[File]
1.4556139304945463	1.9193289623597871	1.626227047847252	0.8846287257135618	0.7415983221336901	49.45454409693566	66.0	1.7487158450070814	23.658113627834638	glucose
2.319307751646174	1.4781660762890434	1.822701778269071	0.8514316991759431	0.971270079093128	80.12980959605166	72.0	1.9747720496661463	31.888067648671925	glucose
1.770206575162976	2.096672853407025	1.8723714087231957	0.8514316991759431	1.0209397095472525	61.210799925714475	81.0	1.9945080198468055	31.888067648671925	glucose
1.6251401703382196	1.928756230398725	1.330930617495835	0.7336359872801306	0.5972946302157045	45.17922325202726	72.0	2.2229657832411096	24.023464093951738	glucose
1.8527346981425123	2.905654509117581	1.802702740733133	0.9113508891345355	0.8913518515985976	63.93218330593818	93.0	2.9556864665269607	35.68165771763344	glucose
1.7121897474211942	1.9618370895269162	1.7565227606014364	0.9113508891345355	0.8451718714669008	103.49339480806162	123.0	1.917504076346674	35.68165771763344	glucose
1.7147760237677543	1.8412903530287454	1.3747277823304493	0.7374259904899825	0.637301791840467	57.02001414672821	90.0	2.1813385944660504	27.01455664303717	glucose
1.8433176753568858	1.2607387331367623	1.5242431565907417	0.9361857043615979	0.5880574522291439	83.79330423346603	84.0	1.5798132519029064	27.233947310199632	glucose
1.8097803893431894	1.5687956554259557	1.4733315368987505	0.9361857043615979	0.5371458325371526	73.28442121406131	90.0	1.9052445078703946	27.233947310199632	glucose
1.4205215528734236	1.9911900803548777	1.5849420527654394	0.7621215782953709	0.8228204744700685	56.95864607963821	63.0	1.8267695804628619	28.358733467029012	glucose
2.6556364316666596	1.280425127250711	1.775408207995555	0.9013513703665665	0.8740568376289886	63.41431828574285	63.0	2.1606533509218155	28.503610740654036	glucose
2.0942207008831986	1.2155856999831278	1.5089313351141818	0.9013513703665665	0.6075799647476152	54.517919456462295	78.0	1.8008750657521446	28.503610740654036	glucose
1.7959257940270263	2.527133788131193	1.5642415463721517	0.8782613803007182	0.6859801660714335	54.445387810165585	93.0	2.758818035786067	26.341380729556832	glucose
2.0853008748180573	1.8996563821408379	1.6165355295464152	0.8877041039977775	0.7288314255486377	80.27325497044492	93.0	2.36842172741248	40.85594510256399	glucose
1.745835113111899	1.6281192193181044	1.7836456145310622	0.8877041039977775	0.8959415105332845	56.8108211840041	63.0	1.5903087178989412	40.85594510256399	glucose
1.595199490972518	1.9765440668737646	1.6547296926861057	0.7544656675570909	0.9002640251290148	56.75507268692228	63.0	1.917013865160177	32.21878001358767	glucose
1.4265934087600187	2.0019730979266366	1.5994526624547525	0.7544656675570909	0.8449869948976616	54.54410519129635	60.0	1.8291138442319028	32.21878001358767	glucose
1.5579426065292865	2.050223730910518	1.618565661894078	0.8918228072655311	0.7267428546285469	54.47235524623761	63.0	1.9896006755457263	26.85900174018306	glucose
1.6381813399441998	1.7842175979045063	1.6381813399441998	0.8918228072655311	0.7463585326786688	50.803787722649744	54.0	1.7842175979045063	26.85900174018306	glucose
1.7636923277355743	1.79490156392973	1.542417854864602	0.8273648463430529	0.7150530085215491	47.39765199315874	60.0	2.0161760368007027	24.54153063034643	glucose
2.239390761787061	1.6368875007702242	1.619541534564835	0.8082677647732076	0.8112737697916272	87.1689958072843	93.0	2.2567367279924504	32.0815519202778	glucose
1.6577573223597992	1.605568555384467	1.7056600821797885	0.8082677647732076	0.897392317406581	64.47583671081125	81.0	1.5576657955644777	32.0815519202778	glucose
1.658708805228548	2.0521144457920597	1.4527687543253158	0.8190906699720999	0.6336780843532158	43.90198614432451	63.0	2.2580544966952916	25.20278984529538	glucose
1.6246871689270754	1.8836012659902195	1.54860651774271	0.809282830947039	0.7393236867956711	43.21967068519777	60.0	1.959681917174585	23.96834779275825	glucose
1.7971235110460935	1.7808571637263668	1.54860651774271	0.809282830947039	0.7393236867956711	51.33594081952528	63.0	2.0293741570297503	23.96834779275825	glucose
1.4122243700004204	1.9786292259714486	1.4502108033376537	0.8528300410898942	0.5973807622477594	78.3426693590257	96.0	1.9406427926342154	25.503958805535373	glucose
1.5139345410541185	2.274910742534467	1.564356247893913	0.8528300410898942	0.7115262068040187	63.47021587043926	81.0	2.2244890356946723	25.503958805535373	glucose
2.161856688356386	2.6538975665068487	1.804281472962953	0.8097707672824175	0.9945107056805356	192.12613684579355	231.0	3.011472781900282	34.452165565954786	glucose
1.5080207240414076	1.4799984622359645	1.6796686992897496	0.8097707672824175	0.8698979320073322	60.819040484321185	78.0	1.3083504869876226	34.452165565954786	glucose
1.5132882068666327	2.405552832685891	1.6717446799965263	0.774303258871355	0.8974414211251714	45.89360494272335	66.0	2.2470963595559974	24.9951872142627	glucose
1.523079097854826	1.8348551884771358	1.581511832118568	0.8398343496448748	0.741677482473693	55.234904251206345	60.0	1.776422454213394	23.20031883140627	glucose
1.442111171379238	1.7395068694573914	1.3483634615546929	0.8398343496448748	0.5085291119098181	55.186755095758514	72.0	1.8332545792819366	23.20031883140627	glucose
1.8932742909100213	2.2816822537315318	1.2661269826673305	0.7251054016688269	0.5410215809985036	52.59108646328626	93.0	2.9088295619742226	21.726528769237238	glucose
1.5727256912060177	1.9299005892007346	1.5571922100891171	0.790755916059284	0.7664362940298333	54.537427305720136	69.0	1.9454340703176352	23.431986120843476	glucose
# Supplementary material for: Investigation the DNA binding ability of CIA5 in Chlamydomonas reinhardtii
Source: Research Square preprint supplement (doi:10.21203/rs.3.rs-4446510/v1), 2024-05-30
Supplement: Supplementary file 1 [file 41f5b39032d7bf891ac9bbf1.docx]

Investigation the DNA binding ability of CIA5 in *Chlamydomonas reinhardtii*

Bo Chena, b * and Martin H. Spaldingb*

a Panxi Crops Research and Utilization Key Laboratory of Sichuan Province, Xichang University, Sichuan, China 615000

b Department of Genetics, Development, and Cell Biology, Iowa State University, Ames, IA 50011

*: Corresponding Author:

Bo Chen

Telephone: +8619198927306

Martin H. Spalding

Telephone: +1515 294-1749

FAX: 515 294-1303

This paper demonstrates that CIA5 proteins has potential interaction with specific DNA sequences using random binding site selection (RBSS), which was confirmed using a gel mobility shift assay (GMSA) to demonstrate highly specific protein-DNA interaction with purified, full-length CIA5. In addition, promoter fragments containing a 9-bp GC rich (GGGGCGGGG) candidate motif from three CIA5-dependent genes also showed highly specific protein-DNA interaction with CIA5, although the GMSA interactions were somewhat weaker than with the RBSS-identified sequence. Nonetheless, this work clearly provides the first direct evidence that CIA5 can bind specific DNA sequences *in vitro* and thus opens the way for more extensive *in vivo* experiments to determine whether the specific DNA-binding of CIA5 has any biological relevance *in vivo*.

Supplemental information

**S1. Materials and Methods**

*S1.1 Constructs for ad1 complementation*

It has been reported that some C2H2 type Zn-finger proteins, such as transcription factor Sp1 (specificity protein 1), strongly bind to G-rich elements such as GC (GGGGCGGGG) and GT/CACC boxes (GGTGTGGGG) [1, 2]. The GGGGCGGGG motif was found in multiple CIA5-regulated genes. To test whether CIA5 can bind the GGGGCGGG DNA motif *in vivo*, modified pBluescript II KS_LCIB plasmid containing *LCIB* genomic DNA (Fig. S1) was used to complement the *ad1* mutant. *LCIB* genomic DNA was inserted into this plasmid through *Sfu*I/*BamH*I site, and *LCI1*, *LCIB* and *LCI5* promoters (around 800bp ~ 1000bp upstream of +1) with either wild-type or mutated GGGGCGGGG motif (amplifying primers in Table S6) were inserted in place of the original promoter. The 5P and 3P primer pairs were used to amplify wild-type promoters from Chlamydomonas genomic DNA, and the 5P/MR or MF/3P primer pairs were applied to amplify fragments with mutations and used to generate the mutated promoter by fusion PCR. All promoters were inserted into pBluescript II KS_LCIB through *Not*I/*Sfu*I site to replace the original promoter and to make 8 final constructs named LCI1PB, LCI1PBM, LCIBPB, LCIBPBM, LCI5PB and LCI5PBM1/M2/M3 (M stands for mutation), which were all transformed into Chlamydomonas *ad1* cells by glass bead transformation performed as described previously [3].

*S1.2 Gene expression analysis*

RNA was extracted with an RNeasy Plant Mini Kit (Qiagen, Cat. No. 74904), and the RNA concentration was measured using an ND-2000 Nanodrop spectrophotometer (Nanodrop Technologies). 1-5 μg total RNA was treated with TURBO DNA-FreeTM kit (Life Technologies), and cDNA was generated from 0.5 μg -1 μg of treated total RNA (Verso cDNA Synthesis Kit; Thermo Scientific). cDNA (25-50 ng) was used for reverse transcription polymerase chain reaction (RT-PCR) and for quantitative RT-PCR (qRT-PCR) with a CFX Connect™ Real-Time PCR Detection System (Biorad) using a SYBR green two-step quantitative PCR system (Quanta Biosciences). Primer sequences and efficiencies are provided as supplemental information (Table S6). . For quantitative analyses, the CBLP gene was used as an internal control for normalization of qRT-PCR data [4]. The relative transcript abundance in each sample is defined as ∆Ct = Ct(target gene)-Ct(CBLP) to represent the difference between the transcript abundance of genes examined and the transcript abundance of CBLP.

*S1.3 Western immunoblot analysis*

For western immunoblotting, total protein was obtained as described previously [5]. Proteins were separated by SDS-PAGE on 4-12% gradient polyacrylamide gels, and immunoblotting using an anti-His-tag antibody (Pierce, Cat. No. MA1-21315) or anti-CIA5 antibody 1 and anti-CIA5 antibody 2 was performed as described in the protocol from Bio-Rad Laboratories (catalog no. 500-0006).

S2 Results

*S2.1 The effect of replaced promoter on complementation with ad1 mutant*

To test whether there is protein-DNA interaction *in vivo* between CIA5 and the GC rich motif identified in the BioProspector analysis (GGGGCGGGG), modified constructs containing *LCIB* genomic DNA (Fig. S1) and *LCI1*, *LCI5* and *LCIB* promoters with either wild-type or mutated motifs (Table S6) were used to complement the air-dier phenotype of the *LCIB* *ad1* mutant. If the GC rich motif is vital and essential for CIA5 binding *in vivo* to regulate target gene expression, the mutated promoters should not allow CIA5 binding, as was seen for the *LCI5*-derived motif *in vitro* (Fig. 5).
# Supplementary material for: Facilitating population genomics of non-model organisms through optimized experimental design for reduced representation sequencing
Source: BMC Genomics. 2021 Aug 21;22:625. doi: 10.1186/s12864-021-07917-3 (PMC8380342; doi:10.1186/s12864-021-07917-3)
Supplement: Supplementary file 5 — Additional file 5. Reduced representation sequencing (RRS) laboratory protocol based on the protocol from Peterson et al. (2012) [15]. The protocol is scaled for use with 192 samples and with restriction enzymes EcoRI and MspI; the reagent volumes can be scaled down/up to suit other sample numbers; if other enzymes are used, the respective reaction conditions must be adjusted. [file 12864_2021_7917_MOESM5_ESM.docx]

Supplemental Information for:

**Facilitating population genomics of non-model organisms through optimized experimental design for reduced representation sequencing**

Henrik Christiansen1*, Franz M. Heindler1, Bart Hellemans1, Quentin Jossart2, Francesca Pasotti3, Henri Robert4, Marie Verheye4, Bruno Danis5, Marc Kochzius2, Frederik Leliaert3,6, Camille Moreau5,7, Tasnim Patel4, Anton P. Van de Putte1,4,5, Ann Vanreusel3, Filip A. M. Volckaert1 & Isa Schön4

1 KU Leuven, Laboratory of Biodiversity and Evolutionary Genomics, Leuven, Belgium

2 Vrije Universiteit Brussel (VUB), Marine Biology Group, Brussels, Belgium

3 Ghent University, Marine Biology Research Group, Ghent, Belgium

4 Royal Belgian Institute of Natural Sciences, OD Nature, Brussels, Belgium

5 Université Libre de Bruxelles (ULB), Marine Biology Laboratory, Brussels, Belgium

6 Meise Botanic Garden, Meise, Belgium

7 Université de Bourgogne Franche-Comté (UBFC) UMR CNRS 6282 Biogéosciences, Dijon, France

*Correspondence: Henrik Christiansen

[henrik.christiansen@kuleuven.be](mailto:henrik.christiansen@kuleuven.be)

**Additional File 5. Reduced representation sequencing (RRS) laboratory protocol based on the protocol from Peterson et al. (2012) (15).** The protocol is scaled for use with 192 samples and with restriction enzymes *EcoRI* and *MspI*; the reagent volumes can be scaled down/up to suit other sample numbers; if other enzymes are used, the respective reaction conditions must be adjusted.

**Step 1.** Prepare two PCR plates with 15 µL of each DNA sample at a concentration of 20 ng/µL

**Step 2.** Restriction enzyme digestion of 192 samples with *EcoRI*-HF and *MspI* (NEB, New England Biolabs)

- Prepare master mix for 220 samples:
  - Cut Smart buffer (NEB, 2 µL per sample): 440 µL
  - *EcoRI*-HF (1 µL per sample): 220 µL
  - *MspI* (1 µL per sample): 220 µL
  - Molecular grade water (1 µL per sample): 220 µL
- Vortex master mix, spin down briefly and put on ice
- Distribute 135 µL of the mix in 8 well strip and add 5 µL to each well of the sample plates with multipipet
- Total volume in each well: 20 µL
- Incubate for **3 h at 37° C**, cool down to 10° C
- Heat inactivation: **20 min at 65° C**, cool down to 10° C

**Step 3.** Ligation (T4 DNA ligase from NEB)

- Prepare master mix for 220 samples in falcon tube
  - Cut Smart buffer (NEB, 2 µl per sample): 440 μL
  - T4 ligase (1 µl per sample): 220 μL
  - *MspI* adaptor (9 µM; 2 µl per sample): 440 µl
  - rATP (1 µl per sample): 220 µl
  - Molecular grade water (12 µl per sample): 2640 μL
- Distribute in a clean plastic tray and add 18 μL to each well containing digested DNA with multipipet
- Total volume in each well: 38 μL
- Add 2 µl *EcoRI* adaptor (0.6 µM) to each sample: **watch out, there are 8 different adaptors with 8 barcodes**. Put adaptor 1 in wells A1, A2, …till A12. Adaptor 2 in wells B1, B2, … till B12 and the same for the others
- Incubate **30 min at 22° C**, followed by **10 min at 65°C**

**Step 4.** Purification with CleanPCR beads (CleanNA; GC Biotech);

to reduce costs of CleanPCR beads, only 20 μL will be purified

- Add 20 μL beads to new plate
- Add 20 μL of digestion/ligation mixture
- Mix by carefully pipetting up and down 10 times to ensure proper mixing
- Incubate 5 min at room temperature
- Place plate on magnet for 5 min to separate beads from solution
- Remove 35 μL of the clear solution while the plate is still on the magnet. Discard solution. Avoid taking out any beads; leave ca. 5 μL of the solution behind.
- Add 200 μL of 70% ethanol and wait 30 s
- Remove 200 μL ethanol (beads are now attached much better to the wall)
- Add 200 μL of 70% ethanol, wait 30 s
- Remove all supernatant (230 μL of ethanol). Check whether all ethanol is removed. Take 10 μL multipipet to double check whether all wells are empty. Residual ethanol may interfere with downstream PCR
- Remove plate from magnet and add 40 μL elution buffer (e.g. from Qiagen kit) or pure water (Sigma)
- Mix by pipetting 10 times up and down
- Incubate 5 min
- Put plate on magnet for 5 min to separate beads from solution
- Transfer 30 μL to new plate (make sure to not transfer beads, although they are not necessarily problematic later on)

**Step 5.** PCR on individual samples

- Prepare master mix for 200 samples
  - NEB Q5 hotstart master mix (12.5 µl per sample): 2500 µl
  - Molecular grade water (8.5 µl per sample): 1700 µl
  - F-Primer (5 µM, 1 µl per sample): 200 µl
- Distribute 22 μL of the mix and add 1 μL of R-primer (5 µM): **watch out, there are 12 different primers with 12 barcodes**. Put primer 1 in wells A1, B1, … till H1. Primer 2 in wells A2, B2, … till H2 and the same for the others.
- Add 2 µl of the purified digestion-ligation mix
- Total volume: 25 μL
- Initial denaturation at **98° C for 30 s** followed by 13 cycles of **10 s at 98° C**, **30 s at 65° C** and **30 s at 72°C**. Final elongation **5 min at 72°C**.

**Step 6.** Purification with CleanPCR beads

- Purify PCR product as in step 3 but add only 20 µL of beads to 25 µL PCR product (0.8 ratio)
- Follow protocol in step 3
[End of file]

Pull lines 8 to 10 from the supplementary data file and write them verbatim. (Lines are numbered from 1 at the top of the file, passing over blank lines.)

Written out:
1.8433176753568858	1.2607387331367623	1.5242431565907417	0.9361857043615979	0.5880574522291439	83.79330423346603	84.0	1.5798132519029064	27.233947310199632	glucose
1.8097803893431894	1.5687956554259557	1.4733315368987505	0.9361857043615979	0.5371458325371526	73.28442121406131	90.0	1.9052445078703946	27.233947310199632	glucose
1.4205215528734236	1.9911900803548777	1.5849420527654394	0.7621215782953709	0.8228204744700685	56.95864607963821	63.0	1.8267695804628619	28.358733467029012	glucose